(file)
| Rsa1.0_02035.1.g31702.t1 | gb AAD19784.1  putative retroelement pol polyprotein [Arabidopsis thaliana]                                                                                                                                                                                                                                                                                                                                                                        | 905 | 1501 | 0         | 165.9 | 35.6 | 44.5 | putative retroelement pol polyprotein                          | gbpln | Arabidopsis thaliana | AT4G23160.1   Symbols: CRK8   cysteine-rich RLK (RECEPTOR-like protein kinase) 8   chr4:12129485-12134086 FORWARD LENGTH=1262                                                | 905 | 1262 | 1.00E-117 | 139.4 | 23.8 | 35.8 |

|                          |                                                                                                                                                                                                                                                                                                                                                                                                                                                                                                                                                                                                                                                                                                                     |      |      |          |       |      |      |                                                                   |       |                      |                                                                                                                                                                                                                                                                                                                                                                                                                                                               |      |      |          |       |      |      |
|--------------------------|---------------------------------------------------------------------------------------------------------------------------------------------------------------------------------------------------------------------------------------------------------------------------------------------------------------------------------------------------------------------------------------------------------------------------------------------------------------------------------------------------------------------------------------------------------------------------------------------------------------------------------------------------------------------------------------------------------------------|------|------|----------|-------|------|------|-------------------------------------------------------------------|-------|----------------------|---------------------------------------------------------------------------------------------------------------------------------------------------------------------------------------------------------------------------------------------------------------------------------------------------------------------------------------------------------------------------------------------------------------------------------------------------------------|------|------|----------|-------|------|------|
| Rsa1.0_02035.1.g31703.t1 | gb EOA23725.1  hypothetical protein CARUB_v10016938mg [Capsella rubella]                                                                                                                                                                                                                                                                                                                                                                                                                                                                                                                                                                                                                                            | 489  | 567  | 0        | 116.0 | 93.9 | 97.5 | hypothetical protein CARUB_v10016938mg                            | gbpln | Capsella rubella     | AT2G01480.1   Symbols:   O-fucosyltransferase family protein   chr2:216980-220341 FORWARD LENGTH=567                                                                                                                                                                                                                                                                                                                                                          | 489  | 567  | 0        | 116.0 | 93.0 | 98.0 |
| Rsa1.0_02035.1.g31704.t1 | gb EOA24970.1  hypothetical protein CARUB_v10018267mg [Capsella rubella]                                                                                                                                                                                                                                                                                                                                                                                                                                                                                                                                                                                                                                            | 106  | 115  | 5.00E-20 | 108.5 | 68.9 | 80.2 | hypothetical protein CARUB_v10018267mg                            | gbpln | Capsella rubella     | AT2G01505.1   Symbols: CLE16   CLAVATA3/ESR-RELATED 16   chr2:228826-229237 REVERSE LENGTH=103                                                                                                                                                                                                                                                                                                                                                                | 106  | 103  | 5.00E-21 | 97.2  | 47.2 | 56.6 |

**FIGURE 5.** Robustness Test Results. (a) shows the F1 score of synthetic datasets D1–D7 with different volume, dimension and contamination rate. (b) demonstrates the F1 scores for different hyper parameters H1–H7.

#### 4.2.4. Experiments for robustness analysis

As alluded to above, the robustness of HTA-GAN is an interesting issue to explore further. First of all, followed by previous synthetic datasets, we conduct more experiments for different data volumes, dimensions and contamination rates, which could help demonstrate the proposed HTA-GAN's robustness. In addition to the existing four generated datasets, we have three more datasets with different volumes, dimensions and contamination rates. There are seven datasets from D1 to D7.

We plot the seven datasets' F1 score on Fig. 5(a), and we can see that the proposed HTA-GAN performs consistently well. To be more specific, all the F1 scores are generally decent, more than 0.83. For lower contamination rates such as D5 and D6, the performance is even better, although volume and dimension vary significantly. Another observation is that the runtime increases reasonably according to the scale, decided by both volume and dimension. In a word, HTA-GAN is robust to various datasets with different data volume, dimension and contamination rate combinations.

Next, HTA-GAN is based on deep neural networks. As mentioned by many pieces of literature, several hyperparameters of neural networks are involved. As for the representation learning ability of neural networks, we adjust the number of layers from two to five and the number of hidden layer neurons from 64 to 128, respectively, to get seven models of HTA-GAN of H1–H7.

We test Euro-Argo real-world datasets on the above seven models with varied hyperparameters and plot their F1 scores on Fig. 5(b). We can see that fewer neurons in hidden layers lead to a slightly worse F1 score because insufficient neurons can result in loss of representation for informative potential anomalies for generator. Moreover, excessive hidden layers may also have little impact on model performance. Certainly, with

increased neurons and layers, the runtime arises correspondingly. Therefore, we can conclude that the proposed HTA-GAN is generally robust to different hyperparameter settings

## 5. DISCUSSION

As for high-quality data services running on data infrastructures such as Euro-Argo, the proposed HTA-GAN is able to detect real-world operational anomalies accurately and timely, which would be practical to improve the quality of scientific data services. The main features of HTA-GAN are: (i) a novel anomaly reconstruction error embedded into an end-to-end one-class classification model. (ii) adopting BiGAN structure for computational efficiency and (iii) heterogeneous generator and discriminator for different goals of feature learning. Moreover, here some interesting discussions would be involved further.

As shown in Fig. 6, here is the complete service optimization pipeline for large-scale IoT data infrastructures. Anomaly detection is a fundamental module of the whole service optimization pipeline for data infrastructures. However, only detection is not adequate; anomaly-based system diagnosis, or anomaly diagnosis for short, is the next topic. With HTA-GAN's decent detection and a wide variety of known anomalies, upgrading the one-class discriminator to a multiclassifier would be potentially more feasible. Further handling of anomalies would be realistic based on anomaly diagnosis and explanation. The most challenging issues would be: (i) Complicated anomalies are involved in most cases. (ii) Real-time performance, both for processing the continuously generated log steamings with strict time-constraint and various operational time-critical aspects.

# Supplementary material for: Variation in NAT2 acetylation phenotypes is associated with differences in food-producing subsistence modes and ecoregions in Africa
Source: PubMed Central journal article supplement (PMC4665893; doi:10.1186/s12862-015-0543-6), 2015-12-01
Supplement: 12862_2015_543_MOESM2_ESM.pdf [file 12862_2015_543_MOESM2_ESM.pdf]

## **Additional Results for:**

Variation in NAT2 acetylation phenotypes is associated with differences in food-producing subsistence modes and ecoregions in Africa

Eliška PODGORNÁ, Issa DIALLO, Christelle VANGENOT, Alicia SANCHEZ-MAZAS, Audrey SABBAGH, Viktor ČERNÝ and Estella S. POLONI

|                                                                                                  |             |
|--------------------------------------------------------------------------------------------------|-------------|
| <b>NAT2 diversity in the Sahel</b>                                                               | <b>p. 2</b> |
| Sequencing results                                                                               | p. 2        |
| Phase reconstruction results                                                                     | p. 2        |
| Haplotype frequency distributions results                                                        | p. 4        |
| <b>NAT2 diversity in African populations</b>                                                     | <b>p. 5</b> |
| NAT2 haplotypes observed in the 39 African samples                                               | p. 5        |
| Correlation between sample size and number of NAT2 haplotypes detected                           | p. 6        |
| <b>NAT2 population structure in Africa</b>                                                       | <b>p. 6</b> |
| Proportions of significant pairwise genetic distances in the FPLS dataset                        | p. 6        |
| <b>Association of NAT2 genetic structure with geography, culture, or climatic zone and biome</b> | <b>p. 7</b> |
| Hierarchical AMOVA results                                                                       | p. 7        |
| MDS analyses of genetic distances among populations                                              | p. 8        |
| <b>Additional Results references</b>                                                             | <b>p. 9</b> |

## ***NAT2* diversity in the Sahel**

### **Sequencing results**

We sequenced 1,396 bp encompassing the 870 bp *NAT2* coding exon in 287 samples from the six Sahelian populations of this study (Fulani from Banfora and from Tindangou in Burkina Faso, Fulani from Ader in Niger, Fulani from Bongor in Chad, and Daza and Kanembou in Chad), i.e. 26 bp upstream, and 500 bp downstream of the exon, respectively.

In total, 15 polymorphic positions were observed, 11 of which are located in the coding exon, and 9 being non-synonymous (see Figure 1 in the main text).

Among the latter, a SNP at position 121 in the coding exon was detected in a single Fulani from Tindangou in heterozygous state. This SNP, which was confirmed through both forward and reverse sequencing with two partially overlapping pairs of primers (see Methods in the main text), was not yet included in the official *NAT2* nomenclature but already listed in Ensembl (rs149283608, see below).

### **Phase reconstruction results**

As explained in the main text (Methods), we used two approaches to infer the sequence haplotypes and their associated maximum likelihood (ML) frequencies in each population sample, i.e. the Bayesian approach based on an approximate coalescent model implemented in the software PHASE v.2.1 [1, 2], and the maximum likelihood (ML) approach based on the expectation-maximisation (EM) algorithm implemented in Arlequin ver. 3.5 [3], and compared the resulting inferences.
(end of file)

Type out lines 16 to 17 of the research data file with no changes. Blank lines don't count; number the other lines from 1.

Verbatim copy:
# Supplementary material for: Variation in NAT2 acetylation phenotypes is associated with differences in food-producing subsistence modes and ecoregions in Africa
Source: PubMed Central journal article supplement (PMC4665893; doi:10.1186/s12862-015-0543-6), 2015-12-01